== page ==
mainly because I was in uniform and also, more importantly, there's a police station half way on the route
 that acts as a deterrent! The speeding private buses, the zigzagging autorickshaws and pick up trucks with
 loads were thankfully off the roads.

 And the strikers were magnanimous, in that, they'd offered a Nelson's eye to the motorists who ventured out
 on their vehicles. The net result was that many of the two wheeler riders and a few cars zipped past
 uncomfortably, drawing butterflies in one's stomach. All in all, a peaceful strike and thank god and of course,
 the strikers for minor mercies!

 (b) Things are a changing.

 Happened to come across the extracts of the National Economic Census 2012-'13 which takes a complete
 count of all establishments located within the geographical boundaries of the country. Further, an
 establishment is defined as 'a unit or an economic entity situated in a single location where one kind of
 economic activity is carried out such that at least a part of the goods or services produced by the unit is
 sold'. The last such census was carried out in 2005.

 With technological innovations, more capital intensive industries are coming up to displace the traditional
 ones that largely depended on skills.

 A couple of curious and sharp changes that have occurred over the past seven years are:-
     (i) STD/ISD/Local call facilities have largely been rendered redundant by the advent of the cellphones.
         The traditional booths that provided those facilities have been replaced by the mobile recharge shops!
     (ii) Skilled workers writing number plates of vehicles are being increasingly substituted by units that
          use sticker cutting machines!!

 So, we're making great strides ahead absorbing the galloping technology to our advantage, eh?


Another day when Kerala was paralysed in certain areas thanks to the strike - the children had an unscheduled holiday, running errands for the common man was a difficult proposition and what one would like to know is as to what has been achieved in the end. To me, it defies logic!

Tuesday, September 3, 2013

Why fret?

This evening there was this young lady of our residential area who'd dropped by for advice and directions to conduct classes in painting and cooking. She's a talented individual with a double graduation, one of them being that of the Fine Arts. And she'd come knocking at my door to remove her apprehensions and have a clear idea as to was expected of her as per the by-laws, laid down by the residential committee.

She was accompanied by her three children - a boy(5 yrs), two girls aged 3 yrs and 10 months, respectively. The two kids had instantly made our house active and noisy with their playing around, punctuated with frequent fights and the object of their 'possessive battles' was my rocking chair. I was apprehensive that the chair would careen and topple over hurting them in the bargain as the kids tried to rock it harshly, to dislodge the one who was perched on it. Finally, I was able to bring the two kids under a sort of truce by letting each one of them to rock alternatively, for a specific time period!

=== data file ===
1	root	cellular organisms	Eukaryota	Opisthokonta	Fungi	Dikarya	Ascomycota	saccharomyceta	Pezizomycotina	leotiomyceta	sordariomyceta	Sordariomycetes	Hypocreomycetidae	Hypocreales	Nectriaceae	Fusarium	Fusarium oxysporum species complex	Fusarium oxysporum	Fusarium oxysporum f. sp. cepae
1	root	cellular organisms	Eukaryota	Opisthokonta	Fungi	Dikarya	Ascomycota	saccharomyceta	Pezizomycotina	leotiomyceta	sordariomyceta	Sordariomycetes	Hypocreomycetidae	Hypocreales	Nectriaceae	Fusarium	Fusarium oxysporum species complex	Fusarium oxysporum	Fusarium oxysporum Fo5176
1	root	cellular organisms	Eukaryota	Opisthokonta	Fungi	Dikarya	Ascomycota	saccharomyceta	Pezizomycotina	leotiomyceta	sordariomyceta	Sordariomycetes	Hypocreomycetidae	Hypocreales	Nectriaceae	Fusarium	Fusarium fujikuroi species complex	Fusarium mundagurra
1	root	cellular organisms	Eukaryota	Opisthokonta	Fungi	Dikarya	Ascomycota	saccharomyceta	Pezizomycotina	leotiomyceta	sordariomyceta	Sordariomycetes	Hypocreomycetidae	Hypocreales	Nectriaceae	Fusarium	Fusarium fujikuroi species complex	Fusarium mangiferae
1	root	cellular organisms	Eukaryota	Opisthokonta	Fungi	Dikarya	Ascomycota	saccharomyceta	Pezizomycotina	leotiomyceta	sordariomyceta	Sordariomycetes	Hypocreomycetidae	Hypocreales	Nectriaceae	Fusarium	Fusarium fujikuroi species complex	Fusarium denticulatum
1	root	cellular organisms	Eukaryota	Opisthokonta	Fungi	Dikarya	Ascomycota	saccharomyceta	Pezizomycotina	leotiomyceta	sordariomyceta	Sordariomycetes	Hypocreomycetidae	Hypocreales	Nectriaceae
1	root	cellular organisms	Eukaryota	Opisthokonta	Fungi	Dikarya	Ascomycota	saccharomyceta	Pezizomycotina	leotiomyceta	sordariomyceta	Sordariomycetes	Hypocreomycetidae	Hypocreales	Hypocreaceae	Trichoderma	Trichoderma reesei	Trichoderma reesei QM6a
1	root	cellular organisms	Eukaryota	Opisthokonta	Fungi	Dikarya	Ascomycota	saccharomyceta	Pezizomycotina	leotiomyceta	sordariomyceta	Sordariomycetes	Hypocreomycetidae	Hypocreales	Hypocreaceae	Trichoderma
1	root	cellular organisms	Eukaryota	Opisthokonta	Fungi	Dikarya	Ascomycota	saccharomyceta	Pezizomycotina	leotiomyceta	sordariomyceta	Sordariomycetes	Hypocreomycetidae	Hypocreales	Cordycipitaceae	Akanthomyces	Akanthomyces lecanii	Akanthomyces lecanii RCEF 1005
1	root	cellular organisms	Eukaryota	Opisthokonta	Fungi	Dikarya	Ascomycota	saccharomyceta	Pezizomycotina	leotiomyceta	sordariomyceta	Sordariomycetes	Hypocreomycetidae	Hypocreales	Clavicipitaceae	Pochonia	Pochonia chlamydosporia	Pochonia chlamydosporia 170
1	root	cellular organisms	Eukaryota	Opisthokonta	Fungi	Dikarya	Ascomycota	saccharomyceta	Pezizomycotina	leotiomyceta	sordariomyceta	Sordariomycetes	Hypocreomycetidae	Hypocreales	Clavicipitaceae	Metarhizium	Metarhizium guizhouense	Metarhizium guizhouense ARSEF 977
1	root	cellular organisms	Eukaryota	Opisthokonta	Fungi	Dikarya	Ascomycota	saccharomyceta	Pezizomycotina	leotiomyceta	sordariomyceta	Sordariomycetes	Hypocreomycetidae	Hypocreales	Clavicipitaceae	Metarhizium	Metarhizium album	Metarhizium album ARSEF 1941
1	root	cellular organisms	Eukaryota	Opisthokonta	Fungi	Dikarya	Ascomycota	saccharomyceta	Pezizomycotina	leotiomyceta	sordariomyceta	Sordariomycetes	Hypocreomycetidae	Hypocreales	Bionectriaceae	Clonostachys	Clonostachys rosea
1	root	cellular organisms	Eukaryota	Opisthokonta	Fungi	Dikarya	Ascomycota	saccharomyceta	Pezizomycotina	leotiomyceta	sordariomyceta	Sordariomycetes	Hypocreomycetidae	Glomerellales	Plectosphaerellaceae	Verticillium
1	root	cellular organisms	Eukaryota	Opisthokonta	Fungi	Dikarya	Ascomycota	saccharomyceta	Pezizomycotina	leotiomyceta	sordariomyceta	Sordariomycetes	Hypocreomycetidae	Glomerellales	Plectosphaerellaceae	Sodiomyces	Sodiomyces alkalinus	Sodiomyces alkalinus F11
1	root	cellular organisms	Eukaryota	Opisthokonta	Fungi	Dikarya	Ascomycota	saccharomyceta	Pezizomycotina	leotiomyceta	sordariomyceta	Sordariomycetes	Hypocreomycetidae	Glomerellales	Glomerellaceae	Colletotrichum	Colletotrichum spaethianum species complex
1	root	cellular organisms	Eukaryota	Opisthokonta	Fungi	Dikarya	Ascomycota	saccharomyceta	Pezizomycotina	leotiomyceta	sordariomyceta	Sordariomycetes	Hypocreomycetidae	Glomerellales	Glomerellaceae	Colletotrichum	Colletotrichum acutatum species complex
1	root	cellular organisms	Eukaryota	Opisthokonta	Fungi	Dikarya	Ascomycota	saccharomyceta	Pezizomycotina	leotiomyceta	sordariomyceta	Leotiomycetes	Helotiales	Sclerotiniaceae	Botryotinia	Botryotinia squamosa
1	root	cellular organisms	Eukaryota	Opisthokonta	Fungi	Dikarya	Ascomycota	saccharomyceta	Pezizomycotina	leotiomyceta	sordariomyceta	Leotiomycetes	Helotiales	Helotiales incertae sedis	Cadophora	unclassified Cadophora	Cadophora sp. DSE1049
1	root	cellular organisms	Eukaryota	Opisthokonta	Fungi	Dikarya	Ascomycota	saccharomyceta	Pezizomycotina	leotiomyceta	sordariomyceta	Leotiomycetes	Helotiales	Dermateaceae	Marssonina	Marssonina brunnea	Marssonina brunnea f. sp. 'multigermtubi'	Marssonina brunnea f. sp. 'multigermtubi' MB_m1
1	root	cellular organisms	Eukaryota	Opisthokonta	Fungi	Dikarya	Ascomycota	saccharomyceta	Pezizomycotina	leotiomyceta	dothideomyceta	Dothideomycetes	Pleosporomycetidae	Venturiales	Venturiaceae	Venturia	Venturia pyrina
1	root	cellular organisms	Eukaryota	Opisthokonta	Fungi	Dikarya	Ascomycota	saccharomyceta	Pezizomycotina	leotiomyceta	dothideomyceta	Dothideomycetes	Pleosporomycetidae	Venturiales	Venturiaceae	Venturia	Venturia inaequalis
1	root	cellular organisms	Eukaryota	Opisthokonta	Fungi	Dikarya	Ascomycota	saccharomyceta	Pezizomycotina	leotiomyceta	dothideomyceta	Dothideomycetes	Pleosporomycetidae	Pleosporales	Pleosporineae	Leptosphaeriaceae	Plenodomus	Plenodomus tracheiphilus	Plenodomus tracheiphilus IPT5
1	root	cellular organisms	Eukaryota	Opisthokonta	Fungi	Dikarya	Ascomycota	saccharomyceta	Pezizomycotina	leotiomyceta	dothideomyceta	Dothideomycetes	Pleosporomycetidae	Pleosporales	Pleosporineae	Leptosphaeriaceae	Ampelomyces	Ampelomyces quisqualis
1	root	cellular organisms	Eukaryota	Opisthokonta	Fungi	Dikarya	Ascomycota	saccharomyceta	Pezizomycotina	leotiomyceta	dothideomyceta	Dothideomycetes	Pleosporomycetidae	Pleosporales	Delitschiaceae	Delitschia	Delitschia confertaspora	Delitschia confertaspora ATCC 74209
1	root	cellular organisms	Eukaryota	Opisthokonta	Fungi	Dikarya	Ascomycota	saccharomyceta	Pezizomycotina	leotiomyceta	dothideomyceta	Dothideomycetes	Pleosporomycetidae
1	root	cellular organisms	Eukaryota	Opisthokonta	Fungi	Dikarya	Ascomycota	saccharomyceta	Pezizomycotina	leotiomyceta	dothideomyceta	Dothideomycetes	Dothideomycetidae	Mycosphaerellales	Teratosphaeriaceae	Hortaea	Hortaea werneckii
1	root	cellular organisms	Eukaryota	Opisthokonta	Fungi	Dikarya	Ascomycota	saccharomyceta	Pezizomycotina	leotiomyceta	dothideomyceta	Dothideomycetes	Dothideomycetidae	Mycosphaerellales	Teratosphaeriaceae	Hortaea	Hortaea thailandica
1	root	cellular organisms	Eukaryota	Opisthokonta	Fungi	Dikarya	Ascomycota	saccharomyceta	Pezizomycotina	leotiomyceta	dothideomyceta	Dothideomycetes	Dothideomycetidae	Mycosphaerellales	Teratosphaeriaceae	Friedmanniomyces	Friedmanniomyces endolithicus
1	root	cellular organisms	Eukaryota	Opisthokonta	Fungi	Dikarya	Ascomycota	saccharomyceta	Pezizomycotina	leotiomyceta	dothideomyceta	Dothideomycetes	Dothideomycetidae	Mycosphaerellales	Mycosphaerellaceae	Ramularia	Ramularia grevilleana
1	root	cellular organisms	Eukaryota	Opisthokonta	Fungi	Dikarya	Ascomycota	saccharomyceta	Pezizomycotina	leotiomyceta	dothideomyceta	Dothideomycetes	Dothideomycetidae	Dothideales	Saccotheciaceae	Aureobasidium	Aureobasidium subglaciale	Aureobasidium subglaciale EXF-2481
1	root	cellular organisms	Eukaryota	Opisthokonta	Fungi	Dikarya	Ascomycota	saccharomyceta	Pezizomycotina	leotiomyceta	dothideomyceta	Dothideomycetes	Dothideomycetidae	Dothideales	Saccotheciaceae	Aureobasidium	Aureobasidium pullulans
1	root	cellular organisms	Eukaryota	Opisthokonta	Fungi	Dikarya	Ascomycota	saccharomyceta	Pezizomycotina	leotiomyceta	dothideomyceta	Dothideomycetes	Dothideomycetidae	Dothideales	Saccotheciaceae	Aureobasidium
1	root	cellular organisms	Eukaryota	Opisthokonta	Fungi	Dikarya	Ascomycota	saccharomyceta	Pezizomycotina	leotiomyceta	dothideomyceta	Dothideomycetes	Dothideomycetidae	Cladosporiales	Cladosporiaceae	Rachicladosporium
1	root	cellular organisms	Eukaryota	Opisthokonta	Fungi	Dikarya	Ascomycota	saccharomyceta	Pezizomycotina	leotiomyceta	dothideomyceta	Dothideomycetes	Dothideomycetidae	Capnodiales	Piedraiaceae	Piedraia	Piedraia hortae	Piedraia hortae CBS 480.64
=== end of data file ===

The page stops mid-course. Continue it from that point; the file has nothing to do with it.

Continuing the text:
The young lady was told about the existing regulations and in the course of our conversation, I'd expressed my admiration for her ability and the patience in bringing up the three children. It was in response to this statement of mine that she talked of a 'fourth kid' at her home - her mother, stricken by the Parkinson's Syndrome at a comparatively young age of 57 yrs!

She should have an unlimited source of energy and patience to take on such a situation 24x7, I thought privately and what was commendable was that she wanted to take classes in cooking/painting over and above her tight schedule. Silently, I saluted her for her positive outlook and the obvious bundle of energy that she was!

And as she was leaving, I wonder why she said this and I quote, "It was my husband who'd insisted on a two year gap between each child", in a barely audible voice. Probably, she was apologising in her own cute way for the ruckus caused by her children, poor thing! And as if on cue, the baby in her arms, had begun to cry. I was nonplussed, wondering as to what appropriate response could be provided to reduce her agony and soon heard my voice, "Don't worry, they'll grow up in no time and will be raring to help you out in your work"!

Tailpiece - A dad's angst!

My school mate and friend had called up after what seemed to be a long time. I was his 'House Captain' at school long ago and he considers me as one of his mentors(?). Today, he was lamenting as to how his daughter - super specialising in Law abroad - had lost her laptop that contained her painfully crafted dissertation, which was to be presented shortly. Knowing the young lady, I'm sure she'd overcome the setback and come out with flying colours.

I listened to his tale not having the foggiest as to how I could lend him a helping hand, in the circumstances!       

Monday, September 2, 2013

Why did he do this?

I was at the doctor's for my mom's review, after three weeks of medicines, when the sad news had trickled in. In fact, my cellphone was with my man Friday as I did not want any interruption while my mom's medical examination was on and to enable me to mentally note down the dosages/timings of the medicines without any ambiguity! There's been a slight progress and a couple of medicines have been added.

It was with a sigh of relief that we'd come out of the doctor's inspection room when the boy at hand, had